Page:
In Australia, it is illegal to drive with any amount of THC in your system – that means that the roadside tests which are used (saliva swabs, blood, and urine tests) are not testing for impairment, but simply the presence of THC.
What if a THC medication is taken at nighttime, and someone drives or works the next day? Will THC show up in a drug test?
Although the current saliva test used by Australian police is very inaccurate for detecting THC (read another study by the Lambert Institute published in the journal Drug Testing and Analysis), it is still possible, and technically, you would be breaking the law.
The Lambert Institute Study showed false negative rates were 9 percent and 16 percent for the two devices tested, but they also sometimes gave a positive result when saliva THC concentrations were very low or negligible (false positive rate of 5 percent and 10 percent). That said, if you’re using THC products, you may pass a saliva swab, but THC is definitely going to show up in your urine or blood and can potentially impact your insurance policy if an accident were to occur.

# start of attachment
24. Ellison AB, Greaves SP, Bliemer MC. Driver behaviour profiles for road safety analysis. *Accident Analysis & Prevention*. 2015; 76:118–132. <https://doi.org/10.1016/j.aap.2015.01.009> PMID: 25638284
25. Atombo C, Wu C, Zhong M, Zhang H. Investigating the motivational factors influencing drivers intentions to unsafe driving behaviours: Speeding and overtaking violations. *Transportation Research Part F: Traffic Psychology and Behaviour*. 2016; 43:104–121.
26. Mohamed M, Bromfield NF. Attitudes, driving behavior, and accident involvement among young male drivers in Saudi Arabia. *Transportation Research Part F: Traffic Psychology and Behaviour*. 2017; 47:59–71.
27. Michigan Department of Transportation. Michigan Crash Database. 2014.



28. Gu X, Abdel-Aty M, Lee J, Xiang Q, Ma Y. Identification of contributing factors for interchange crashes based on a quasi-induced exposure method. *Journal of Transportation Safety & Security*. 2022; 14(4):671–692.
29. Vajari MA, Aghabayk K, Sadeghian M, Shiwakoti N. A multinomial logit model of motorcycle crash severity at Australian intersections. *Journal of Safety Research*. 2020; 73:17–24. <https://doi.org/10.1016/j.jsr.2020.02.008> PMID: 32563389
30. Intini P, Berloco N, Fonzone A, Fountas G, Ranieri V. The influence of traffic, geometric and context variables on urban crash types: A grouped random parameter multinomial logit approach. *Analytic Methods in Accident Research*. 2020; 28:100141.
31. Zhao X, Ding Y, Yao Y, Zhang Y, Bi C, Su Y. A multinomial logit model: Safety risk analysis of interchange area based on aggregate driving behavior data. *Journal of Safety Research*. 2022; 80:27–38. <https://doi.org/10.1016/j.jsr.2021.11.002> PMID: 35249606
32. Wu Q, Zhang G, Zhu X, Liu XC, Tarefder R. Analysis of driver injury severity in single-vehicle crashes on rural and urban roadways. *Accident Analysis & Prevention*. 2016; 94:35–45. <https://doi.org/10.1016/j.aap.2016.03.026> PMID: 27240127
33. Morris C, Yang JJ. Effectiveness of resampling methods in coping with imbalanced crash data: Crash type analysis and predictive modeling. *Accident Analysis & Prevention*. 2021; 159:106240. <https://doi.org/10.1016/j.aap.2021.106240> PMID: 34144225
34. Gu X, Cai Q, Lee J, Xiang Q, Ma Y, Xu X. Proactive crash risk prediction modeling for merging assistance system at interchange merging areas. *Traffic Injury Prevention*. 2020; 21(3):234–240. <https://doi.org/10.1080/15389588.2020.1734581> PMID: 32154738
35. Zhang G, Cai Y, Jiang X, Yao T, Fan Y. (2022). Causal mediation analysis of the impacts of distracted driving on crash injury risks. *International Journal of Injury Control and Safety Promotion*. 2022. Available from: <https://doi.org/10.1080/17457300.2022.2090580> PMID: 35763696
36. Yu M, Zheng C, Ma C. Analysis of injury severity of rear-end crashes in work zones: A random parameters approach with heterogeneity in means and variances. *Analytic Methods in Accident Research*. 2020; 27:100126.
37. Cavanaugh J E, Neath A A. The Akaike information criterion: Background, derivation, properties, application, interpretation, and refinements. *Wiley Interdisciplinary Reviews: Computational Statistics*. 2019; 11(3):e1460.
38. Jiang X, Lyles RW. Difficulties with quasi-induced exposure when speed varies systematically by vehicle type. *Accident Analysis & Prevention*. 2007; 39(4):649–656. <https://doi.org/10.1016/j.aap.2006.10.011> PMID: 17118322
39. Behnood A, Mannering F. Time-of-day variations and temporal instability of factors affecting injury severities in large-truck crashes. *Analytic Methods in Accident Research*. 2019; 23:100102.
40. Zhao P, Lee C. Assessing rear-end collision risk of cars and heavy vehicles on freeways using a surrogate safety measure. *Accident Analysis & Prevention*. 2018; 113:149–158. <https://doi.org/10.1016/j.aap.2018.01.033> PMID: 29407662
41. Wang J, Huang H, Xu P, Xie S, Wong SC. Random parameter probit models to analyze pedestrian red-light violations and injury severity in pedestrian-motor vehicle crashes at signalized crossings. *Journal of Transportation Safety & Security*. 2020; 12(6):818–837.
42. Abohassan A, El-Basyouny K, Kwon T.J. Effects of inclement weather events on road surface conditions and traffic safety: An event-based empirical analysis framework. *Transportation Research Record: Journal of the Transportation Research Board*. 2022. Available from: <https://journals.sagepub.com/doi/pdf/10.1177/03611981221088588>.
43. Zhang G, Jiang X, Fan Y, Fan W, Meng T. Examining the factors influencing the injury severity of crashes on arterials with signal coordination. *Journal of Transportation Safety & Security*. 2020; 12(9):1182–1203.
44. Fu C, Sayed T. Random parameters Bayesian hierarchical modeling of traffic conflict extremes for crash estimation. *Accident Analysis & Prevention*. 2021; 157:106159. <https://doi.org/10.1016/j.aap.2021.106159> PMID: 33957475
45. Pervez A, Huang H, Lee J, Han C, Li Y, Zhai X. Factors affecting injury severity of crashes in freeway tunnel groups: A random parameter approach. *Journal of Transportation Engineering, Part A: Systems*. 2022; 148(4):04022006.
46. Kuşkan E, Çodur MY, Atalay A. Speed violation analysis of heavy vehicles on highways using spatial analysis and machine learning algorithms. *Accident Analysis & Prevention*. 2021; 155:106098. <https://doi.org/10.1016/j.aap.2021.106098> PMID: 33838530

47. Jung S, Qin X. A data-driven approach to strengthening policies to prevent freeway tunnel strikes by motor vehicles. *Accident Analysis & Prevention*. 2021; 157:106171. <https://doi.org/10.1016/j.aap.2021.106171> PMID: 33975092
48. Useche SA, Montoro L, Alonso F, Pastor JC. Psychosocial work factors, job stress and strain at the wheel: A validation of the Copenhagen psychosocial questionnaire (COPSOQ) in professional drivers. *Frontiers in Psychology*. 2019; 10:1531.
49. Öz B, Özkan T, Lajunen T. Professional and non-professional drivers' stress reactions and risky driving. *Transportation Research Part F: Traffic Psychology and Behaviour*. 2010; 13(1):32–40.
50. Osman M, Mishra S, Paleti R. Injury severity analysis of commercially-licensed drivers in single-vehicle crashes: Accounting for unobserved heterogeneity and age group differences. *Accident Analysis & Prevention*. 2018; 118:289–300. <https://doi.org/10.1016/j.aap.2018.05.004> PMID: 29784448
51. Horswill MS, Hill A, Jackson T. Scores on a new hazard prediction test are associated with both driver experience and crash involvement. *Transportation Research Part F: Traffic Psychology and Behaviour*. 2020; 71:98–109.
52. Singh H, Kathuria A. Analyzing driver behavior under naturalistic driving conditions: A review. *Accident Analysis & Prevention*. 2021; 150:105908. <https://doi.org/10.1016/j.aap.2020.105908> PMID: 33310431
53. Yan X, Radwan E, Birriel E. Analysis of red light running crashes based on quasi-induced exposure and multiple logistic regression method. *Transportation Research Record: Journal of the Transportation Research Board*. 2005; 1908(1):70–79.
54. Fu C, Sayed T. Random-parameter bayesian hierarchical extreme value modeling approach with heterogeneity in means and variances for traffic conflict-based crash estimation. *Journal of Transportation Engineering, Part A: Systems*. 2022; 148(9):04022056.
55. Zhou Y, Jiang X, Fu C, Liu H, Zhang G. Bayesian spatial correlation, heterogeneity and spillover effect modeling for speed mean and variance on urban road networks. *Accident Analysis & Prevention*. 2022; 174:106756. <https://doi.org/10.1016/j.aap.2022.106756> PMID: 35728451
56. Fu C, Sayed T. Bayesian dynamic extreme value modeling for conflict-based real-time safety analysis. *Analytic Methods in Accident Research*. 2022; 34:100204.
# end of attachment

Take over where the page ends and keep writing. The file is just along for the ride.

What we know is that THC is lipophilic (fat-loving) which means it can be stored in your fat cells – sometimes for up to a month, depending on frequency and levels of use, which could lead to the potential for a failed drug test weeks after your last dose. This puts a lot of patients in a tough spot – if THC medications are the best for your condition, do you forgo THC medications altogether (and use other pharmaceutical drugs) or give up driving? Alternatively, some patients can achieve the same results with CBD medications depending on their condition, but this is often in much larger amounts which can mean more expensive treatment.
Managing Anxiety Disorders